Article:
(4) To address these forms of warfare, joint doctrine is principally based on a combination of offensive, defensive, and stability operations. The predominant method or combination depends on a variety of factors, such as capabilities and the nature of the enemy.

Doctrine of the Armed Forces of the United States, JP 1, March 2013

This is all good. But even more useful is the definition of “traditional warfare” which is a term that I rarely hear used at all these days. If the above is irregular warfare, then traditional warfare is by definition what irregular warfare is not.

Interestingly, there is no definition for traditional warfare in the DOD Dictionary, so again we turn to JP 1.

Traditional Warfare. This form of warfare is characterized as a violent struggle for domination between nation-states or coalitions and alliances of nation-states. This form is labeled as traditional because it has been the preeminent form of warfare in the West since the Peace of Westphalia (1648) that reserved for the nation-state alone a monopoly on the legitimate use of force. The strategic purpose of traditional warfare is the imposition of a nation’s will on its adversary nation-state(s) and the avoidance of its will being imposed upon us.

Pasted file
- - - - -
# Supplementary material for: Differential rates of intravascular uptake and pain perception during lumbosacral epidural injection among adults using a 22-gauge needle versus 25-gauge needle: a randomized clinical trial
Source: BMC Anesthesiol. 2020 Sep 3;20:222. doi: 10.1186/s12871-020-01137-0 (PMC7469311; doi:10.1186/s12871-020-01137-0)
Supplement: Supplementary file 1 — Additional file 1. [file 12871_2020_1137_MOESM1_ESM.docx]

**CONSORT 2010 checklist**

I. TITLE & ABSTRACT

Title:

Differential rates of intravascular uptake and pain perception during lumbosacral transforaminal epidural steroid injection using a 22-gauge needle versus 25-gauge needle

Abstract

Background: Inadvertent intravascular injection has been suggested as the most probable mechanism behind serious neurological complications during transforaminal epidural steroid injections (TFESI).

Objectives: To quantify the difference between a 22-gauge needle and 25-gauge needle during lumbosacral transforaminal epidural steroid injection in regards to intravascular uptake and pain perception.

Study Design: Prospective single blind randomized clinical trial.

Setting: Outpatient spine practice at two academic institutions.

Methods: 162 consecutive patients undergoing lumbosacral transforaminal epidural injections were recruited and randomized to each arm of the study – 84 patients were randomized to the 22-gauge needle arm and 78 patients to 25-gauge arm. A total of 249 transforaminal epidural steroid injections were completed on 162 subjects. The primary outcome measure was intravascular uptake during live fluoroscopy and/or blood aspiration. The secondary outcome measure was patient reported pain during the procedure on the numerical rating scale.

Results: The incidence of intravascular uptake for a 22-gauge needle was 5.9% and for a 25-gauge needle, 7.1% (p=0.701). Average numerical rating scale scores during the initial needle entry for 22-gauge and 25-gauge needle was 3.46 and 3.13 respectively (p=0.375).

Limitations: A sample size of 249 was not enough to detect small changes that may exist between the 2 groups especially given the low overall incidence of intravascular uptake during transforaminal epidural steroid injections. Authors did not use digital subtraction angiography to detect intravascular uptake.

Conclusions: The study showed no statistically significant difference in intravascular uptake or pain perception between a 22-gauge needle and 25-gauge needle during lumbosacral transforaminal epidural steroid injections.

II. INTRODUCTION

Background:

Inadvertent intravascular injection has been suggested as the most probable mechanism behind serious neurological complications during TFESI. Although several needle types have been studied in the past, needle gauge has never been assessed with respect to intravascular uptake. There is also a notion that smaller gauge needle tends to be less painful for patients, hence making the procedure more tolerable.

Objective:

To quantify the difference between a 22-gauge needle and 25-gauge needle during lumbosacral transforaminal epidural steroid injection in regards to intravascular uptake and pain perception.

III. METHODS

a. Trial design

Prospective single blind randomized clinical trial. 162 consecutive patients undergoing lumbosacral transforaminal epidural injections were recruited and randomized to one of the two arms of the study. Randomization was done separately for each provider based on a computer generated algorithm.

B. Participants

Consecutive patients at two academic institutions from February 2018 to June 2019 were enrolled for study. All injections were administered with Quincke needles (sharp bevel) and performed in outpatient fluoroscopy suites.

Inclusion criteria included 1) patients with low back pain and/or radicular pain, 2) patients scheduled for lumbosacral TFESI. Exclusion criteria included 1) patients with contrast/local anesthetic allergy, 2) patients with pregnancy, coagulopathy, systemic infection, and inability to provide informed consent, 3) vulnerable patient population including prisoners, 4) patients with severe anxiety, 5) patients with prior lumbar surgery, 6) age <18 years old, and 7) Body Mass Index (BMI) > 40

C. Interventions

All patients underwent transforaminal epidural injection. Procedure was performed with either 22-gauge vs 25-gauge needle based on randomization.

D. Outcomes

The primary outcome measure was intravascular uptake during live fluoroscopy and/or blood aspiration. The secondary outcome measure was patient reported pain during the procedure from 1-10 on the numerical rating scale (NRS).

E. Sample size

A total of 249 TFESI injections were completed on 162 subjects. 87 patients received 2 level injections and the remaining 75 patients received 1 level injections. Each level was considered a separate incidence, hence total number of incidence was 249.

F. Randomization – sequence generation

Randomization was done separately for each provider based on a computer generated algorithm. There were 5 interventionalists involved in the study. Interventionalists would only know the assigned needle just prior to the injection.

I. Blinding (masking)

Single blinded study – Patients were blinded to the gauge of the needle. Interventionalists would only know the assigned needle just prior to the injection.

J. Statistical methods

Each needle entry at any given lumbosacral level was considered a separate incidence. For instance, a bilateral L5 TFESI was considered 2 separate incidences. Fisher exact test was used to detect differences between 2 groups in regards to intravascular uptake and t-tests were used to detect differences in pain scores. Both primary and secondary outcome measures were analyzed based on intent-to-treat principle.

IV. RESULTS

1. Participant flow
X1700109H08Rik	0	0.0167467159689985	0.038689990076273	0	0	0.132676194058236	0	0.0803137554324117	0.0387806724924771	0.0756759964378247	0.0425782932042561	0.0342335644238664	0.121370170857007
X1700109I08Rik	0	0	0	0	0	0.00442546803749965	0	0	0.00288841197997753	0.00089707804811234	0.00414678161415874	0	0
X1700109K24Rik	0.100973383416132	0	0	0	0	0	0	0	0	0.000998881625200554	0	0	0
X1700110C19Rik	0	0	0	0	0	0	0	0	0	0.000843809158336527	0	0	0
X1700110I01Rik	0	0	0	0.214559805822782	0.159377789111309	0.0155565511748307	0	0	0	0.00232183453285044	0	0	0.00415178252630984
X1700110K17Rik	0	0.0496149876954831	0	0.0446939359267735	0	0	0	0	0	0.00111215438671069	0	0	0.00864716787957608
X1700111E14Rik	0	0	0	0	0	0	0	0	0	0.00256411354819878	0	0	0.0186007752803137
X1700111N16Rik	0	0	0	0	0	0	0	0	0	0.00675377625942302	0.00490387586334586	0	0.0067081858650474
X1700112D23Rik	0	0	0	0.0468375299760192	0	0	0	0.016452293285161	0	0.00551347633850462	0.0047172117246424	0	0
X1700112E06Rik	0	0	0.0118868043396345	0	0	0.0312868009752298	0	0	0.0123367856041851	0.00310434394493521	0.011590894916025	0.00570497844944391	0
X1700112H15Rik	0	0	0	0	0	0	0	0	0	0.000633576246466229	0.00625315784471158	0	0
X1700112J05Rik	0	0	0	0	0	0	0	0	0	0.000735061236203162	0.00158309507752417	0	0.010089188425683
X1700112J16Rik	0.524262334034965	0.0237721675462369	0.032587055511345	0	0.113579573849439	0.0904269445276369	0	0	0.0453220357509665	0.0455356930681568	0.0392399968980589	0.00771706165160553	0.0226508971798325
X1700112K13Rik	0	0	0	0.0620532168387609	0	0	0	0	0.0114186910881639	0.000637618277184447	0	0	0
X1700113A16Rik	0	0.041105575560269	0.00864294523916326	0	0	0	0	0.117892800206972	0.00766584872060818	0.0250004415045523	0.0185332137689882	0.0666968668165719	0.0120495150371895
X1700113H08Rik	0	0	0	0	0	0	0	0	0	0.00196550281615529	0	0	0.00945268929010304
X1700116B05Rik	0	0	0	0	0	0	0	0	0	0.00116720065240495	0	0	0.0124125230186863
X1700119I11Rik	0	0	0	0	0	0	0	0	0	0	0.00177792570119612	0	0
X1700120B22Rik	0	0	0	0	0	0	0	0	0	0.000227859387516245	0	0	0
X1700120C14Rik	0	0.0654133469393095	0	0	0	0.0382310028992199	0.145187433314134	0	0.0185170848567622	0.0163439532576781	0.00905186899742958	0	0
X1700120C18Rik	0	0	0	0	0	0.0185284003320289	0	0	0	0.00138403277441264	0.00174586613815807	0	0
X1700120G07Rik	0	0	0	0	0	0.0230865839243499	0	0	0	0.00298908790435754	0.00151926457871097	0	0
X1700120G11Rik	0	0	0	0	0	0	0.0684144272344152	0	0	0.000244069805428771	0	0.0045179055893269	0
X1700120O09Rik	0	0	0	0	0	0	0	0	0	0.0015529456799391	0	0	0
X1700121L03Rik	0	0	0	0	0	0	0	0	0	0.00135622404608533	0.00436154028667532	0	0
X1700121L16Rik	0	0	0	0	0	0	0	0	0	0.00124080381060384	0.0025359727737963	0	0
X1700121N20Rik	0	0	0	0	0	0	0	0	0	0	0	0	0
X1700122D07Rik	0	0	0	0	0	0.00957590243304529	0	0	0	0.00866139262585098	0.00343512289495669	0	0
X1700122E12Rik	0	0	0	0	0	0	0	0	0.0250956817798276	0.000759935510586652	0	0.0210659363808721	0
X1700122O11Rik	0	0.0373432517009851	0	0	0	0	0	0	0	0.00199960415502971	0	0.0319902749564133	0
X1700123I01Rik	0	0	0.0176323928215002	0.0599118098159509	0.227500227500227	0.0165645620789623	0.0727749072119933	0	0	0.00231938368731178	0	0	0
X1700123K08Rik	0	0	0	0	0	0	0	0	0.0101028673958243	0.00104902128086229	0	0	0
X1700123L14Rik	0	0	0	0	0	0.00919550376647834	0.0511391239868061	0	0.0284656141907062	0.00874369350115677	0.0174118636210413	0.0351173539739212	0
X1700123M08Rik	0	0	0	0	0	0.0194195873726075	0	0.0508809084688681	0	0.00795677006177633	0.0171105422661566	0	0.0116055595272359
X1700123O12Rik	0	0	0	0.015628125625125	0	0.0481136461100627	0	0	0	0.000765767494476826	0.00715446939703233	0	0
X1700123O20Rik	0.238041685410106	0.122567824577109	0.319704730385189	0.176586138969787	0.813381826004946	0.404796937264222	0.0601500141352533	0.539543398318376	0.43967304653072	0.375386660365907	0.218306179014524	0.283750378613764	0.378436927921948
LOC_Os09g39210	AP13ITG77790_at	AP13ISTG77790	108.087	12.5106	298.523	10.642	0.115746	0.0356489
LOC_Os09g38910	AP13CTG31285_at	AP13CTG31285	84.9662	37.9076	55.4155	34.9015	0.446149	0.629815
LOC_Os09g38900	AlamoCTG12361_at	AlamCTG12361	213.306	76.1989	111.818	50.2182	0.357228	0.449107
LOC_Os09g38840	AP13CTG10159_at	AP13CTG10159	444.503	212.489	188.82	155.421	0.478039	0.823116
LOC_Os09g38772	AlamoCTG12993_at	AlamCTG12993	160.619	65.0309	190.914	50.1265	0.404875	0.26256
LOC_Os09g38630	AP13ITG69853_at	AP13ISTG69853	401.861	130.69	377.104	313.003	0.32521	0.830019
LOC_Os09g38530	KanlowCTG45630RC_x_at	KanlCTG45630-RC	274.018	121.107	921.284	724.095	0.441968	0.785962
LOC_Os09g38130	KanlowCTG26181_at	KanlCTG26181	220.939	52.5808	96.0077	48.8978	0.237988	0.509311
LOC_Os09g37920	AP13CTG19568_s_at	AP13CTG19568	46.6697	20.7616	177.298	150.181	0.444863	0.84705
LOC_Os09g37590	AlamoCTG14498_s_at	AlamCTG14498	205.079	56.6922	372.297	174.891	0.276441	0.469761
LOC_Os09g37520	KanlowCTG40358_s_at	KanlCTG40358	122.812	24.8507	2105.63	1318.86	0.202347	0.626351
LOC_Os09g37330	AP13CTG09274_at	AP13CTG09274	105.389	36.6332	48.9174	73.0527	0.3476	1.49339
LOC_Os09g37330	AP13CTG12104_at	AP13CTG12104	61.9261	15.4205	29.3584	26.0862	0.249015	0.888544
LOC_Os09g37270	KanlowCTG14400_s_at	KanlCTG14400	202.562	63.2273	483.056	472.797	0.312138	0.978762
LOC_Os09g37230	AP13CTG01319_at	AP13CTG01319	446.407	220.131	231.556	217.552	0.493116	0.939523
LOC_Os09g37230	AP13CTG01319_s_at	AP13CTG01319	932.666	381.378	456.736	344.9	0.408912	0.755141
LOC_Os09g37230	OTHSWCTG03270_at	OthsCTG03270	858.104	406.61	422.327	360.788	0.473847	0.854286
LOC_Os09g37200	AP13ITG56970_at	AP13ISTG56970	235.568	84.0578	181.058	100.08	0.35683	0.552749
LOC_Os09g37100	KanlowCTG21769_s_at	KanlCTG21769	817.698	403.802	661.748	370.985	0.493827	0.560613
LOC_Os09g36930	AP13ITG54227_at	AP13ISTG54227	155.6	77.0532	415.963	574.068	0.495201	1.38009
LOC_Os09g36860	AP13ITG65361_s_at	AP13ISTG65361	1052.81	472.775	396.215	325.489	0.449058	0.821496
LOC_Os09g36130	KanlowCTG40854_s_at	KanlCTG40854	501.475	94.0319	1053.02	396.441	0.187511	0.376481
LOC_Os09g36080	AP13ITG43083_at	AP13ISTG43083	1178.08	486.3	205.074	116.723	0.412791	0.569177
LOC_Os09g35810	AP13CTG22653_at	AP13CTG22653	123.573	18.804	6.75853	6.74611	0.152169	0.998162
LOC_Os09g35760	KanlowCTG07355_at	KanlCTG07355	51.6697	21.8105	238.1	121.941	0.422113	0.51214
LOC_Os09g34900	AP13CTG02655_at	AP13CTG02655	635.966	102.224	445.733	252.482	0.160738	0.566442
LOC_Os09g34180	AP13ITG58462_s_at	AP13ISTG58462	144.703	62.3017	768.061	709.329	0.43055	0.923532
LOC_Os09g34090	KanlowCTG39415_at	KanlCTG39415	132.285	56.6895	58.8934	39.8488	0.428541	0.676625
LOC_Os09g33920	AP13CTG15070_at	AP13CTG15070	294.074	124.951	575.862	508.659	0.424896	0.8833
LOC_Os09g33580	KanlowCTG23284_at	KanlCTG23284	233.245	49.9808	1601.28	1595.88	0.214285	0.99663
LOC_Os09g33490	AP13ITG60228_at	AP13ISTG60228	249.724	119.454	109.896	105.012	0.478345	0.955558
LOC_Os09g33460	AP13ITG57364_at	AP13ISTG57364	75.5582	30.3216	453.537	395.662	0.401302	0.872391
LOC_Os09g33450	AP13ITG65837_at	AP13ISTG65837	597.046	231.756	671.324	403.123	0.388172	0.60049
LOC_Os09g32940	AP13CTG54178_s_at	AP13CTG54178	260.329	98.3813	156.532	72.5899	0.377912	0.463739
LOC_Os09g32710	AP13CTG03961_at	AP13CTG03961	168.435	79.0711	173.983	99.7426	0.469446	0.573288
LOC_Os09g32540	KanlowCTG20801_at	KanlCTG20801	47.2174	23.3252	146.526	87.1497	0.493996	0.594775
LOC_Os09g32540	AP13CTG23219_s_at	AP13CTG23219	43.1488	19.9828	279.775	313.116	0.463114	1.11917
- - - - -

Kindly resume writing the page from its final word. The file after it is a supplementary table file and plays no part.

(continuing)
(1) In the traditional warfare model, nation-states fight each other for reasons as varied as the full array of their national interests. Military operations in traditional warfare normally focus on an adversary’s armed forces to ultimately influence the adversary’s government. With the increasingly rare case of formally declared war, traditional warfare typically involves force-on-force military operations in which adversaries employ a variety of conventional forces and special operations forces (SOF) against each other in all physical domains as well as the information environment (which includes cyberspace).

(2) Typical mechanisms for victory in traditional warfare includet he defeat of an adversary’s armed forces, the destruction of an adversary’s war-making capacity, and/or the seizure or retention of territory. Traditional warfare is characterized by a series of offensive, defensive, and stability operations normally conducted against enemy centers of gravity. Traditional warfare focuses on maneuver and firepower to achieve operational and ultimately strategic objectives.

(3) Traditional warfare generally assumes that the majority of people indigenous to the operational area are not belligerents and will be subject to whatever political outcome is imposed, arbitrated, or negotiated. A fundamental military objective is to minimize civilian interference in military operations.

(4) The traditional warfare model also encompasses non-state actors who adopt conventional military capabilities and methods in service of traditional warfare victory mechanisms.

(5) The near-term results of traditional warfare are often evident, with the conflict ending in victory for one side and defeat for the other or in stalemate.

Doctrine of the Armed Forces of the United States, JP 1, March 2013

That’s helpful. Too often, we hear the term “near-peer conflict” as a stand-in for what we should be calling traditional warfare.